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Flexible Sigmoidoscopy

What is a flexible sigmoidoscopy?

A flexible sigmoidoscopy is a test which allows Dr Maiden to look directly at the lining of the left side of the colon (large bowel). A long flexible tube about the width of your finger is inserted into the back passage (anus). The tube is passed around the lower part of the colon and pictures are displayed on a television screen allowing Dr Maiden to detect any abnormal areas. Tissue samples (a biopsy) can be taken and sent to the laboratory for analysis. Polyps (abnormal growths) can also be removed during the procedure and sent for analysis.

 

The test takes approximately 10 to 15 minutes to complete but it can take a little less and in some cases longer than this. You could be in the department for around 1 hour to allow for check in and the recovery period following your procedure.

 

The test can be uncomfortable at times as air is blown into the bowel; most people tolerate the procedure well without the need for sedative medication. However, there is the option to have a sedative for those people who think they may need it. This is not a general anaesthetic therefore you will not be asleep. The sedative will help to relax you but you will still be able to feel sensations, hear what we say to you and follow simple instructions during the test. You may not remember anything about the test afterwards due to the sedation, but this cannot be guaranteed. The sedation can stay in your system for up to 24 hours. You will not be able to drive, drink alcohol, sign legal documents, operate machinery or look after small children during this time. A responsible adult must collect you from the endoscopy unit, take you home and stay with you for 24 hours after the procedure.

 

What are the risks?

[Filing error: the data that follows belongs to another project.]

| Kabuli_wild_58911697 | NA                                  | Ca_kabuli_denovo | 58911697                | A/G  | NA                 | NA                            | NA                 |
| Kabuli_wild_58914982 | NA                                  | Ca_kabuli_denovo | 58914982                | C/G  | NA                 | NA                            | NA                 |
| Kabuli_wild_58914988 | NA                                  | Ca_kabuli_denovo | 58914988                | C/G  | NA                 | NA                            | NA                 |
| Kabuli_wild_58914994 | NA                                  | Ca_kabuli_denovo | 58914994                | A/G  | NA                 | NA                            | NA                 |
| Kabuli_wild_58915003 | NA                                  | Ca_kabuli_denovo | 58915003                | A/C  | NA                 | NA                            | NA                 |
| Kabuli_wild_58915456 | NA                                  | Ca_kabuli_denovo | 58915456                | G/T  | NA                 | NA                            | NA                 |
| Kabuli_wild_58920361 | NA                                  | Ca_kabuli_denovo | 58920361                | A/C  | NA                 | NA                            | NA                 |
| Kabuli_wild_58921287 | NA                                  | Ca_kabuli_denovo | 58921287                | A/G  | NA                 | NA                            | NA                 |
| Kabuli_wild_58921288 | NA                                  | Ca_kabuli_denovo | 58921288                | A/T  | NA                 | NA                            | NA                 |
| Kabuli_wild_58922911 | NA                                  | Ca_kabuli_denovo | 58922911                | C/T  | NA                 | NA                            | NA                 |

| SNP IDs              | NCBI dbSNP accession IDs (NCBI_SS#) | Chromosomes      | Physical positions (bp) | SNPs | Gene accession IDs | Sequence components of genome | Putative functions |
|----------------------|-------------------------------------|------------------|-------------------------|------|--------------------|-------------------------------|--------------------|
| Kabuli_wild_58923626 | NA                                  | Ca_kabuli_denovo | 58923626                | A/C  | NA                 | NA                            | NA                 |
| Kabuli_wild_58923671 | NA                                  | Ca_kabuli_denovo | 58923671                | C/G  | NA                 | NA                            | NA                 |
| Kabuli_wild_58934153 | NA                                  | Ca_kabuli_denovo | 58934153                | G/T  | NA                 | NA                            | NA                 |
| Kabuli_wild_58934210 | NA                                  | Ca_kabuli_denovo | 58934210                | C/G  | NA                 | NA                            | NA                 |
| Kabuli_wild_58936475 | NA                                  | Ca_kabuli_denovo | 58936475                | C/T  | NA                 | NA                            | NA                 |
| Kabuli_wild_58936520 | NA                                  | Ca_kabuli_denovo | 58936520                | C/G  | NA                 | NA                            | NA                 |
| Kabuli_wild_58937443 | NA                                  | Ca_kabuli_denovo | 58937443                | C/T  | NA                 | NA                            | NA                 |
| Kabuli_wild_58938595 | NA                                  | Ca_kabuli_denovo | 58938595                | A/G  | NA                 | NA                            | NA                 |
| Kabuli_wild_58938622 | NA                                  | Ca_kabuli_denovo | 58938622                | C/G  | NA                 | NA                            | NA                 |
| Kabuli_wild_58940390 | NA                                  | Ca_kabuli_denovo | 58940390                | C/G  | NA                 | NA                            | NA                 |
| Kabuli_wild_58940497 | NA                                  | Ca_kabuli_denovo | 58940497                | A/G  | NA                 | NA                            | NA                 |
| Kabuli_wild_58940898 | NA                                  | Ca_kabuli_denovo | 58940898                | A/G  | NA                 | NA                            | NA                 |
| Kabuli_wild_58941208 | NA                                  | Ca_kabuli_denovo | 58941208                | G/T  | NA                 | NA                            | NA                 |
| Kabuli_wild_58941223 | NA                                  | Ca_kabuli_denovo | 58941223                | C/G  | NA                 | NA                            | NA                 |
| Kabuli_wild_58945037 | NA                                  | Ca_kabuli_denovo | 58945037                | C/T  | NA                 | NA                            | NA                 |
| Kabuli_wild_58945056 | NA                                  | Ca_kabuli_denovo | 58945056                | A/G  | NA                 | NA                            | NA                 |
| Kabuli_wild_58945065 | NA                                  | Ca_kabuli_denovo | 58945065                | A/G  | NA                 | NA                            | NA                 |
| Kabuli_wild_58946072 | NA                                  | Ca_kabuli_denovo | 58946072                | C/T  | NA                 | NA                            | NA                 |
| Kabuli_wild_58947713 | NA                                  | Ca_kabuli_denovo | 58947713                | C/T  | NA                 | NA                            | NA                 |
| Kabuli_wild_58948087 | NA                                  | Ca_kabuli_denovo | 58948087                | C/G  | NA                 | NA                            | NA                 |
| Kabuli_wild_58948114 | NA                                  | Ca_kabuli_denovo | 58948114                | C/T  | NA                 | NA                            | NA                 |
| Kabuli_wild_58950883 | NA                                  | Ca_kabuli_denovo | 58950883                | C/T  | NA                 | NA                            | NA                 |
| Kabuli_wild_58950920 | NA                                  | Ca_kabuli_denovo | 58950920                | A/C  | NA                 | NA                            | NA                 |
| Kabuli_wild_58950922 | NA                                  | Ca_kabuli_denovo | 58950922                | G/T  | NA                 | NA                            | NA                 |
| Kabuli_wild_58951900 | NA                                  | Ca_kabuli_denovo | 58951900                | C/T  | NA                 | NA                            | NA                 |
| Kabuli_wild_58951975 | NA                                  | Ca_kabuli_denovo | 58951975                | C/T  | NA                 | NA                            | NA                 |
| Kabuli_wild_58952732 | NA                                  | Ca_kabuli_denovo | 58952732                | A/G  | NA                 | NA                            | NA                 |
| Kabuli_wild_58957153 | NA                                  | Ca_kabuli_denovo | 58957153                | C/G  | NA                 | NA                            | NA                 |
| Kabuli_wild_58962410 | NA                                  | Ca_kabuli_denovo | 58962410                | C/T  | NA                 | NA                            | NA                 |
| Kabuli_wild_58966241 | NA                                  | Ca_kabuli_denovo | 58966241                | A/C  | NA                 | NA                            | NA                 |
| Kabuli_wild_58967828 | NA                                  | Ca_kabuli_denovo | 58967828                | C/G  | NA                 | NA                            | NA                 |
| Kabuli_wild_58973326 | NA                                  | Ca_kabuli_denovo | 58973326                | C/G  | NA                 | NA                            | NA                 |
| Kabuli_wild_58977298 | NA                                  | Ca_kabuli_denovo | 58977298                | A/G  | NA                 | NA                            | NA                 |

Flexible sigmoidoscopy is an established and safe procedure but very rarely it can result in complications. Some of these can be serious though rare.

Breathing difficulties or heart irregularities, as a result of reacting to the sedation or the bowel being stretched. To help prevent this from happening, your oxygen levels and heart rate will be monitored.  

Making a hole in the colon (risk: less than 1 in 1,000). The risk is higher if a polyp is removed (risk: less than 1 in 500). This is a serious complication. You may need surgery which can involve forming a stoma (bowel opening onto the skin).

Bleeding from a biopsy site or from minor damage caused by the endoscope (risk: less than 1 in 1,000). This usually stops on its own.

Bleeding, if a polyp is removed (risk: 1 in 100). Bleeding usually stops soon after a polyp is removed. Sometimes bleeding can happen up to two weeks after the procedure. Let Dr Maiden or the nurse know if you are on Warfarin, Clopidogrel or other blood-thinning medication. You may need to stop your medication before having a polyp removed.

Incomplete procedure. This can happen due to a technical difficulty, blockage in the large bowel, complications during the procedure or discomfort. Your doctor or Dr Maiden may recommend another procedure or a different test.

 

Alternatives to this test

There are alternatives to this test e.g. x-ray examinations, however the disadvantage of these tests is that specimens cannot be taken and if an abnormality is seen, you may still need to have this test performed.